Without federal action, states have been taking steps on their own. In Colorado last year, legislators passed a first-of-its-kind state law making it easier for civilians to sue the cops. Strictly speaking, the new law doesn’t abolish qualified immunity, which is a federal doctrine. But it allows people whose rights are violated to bring police misconduct lawsuits in state, rather than federal, court. And it bans police from claiming qualified immunity as a defense in those state cases.

Colorado’s new law is, in a sense, revolutionary, because it creates a brand new pathway for civil rights enforcement. The legislation harkens back to Reconstruction, when the federal government passed Section 1983, a part of the Ku Klux Klan Act. The 1871 law gave people the right to sue government employees in federal court violating their rights under the US Constitution. “The idea, at the time, was that states could not be trusted to protect the constitutional rights of their citizens,” says Joanna Schwartz, a professor at UCLA who researches qualified immunity. “Here we are, 150 years later, and the federal courts, in the view of many states, can no longer be trusted to protect the constitutional rights of their citizens because of qualified immunity, along with other barriers.”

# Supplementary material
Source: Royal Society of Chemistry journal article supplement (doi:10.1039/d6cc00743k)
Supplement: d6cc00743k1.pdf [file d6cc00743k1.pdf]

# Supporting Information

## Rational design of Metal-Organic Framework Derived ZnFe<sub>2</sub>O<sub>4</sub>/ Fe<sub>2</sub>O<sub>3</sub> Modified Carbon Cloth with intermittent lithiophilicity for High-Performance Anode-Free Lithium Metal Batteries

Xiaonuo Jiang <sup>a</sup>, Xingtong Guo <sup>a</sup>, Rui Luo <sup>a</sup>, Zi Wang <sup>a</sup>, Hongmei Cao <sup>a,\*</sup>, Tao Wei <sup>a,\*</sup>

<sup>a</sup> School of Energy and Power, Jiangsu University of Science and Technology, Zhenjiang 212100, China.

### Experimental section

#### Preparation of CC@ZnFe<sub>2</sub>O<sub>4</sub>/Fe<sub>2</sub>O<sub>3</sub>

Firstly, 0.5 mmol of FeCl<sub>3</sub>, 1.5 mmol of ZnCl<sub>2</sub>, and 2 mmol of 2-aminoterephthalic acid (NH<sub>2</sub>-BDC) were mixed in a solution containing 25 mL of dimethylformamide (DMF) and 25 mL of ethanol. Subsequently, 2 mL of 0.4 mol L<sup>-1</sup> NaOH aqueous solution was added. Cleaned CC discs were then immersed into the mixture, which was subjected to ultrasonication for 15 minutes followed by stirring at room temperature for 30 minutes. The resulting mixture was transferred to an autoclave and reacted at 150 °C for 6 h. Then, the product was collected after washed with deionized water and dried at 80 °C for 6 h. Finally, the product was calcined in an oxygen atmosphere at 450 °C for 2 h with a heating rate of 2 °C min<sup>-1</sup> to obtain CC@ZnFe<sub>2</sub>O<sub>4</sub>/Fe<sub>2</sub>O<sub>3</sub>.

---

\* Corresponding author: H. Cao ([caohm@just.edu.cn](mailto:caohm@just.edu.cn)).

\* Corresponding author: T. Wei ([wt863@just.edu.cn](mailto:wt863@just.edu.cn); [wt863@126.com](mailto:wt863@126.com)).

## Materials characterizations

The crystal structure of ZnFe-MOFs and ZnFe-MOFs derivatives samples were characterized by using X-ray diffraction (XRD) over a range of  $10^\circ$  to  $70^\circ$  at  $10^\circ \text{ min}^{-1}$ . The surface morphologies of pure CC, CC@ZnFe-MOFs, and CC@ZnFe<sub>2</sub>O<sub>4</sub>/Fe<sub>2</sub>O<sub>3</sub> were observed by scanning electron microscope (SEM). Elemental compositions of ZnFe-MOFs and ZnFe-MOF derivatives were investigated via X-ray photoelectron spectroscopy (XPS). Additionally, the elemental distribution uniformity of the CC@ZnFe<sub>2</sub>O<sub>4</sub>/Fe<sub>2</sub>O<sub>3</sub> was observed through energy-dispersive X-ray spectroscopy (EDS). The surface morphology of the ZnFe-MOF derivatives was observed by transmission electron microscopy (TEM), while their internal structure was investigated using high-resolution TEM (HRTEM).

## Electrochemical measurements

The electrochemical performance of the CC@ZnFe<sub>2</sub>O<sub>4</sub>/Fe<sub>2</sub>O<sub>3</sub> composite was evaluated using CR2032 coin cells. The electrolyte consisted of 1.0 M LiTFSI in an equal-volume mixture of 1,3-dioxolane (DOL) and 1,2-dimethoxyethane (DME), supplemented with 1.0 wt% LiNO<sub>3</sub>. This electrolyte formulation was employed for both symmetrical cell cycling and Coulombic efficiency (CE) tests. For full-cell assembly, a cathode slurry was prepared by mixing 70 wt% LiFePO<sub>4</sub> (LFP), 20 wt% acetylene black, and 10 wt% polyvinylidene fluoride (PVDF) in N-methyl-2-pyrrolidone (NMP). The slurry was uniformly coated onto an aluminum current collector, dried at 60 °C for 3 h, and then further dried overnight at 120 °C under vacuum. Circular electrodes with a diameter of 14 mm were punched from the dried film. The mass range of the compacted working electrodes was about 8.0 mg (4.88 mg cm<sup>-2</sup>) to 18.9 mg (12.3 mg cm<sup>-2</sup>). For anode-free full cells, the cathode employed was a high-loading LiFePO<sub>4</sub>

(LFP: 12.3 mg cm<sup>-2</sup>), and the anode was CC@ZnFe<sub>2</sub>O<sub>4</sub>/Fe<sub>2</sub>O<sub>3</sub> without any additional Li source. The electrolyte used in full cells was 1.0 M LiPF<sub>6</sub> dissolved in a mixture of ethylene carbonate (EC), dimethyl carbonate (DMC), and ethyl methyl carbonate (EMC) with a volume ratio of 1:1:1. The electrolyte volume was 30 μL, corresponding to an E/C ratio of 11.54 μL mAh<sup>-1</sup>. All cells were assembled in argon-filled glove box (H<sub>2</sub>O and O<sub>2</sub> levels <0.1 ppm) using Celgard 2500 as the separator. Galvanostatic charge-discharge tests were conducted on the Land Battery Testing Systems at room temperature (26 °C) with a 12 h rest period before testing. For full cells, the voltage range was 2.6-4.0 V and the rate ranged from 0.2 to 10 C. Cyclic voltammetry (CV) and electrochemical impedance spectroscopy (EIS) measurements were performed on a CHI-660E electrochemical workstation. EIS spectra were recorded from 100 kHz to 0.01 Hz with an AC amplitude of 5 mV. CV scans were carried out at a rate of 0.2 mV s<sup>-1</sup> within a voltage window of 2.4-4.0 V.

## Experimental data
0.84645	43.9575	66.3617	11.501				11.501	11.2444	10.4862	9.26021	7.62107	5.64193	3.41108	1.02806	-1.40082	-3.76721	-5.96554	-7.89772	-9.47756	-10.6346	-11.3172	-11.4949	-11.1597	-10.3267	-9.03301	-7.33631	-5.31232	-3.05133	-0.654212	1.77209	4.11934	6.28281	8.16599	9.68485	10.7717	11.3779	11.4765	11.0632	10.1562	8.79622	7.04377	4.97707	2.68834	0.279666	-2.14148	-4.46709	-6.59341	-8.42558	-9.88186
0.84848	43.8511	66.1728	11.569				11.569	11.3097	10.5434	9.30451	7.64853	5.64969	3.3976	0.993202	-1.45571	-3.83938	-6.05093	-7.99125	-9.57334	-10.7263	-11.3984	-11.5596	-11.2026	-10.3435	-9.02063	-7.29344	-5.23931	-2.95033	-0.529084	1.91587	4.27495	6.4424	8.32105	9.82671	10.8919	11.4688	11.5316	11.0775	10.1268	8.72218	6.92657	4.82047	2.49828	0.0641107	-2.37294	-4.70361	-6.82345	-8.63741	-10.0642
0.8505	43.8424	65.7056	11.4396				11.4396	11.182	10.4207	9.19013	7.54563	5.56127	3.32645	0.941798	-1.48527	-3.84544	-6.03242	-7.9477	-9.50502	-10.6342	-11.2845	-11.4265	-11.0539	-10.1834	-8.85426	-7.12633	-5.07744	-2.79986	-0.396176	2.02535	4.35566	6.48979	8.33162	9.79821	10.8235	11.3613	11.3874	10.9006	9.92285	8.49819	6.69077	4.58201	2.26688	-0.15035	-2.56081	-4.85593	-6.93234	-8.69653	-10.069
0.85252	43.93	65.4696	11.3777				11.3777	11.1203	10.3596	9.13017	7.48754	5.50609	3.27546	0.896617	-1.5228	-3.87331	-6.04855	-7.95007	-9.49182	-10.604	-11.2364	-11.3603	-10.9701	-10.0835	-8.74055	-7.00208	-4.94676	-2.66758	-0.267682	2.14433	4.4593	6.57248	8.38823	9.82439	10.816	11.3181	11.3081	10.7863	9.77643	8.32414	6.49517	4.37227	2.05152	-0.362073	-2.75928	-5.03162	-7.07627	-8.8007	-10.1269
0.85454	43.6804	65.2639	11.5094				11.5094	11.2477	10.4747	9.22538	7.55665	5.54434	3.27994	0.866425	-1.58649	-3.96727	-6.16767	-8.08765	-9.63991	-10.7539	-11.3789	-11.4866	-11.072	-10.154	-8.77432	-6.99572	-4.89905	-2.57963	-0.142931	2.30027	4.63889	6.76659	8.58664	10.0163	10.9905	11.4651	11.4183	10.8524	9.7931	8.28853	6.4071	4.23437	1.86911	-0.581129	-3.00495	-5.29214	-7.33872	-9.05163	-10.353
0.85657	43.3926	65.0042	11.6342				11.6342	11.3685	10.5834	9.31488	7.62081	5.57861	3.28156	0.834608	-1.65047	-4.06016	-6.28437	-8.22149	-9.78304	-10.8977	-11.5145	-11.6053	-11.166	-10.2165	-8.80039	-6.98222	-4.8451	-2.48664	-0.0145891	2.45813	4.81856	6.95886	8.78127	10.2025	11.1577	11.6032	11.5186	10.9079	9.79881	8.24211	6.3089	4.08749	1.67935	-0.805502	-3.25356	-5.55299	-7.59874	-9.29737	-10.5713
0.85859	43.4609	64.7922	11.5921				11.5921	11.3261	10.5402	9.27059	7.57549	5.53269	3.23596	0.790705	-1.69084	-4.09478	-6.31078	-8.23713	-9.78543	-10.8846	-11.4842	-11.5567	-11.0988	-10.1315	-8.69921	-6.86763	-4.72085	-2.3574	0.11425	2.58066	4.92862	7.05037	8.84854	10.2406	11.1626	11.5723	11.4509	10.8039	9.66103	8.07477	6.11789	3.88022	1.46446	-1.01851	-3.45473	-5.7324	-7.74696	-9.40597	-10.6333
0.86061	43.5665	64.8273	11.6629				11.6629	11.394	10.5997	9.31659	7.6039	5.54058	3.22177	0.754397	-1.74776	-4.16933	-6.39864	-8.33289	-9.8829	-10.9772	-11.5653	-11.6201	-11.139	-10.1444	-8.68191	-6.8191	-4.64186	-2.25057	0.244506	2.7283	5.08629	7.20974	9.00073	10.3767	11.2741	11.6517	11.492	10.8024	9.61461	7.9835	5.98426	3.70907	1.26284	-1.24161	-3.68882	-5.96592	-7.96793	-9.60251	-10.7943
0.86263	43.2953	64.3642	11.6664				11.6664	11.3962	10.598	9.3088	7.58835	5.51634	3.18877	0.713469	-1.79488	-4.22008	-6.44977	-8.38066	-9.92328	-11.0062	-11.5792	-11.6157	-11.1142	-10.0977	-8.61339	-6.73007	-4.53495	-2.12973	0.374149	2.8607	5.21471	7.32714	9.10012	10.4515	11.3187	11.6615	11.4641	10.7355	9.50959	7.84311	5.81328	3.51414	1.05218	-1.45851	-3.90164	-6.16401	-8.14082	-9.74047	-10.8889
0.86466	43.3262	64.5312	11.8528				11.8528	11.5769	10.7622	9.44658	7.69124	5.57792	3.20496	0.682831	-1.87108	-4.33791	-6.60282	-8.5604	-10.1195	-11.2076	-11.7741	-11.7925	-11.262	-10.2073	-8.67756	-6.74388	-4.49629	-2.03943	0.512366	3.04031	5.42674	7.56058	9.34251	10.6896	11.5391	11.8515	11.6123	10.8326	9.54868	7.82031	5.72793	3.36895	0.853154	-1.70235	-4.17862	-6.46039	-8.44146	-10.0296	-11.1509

In January, a Black mom in Aurora, Colorado, became the first to pursue a lawsuit using this new pathway. Last August, trying to make up for months of being cooped up inside due to COVID, Brittney Gilliam planned a “Sunday funday” for the girls in her family. She’d take her 17-year-old sister, two teenage nieces, and her 6-year-old daughter to get their nails done at a local salon in Aurora, Colorado, before they all went out for ice cream. But when they pulled up at the salon that morning, it was closed. So Gilliam started searching for other nail spots on her cell phone. That’s when police approached her blue SUV, pulled the family from the car at gunpoint, and handcuffed most of them as they lay facedown on the ground. Gilliam and her girls were detained for two hours. The Aurora Police Department later said its officers had approached the SUV as a “traffic stop” because the car had the same license plate number as a stolen motorcycle from Montana.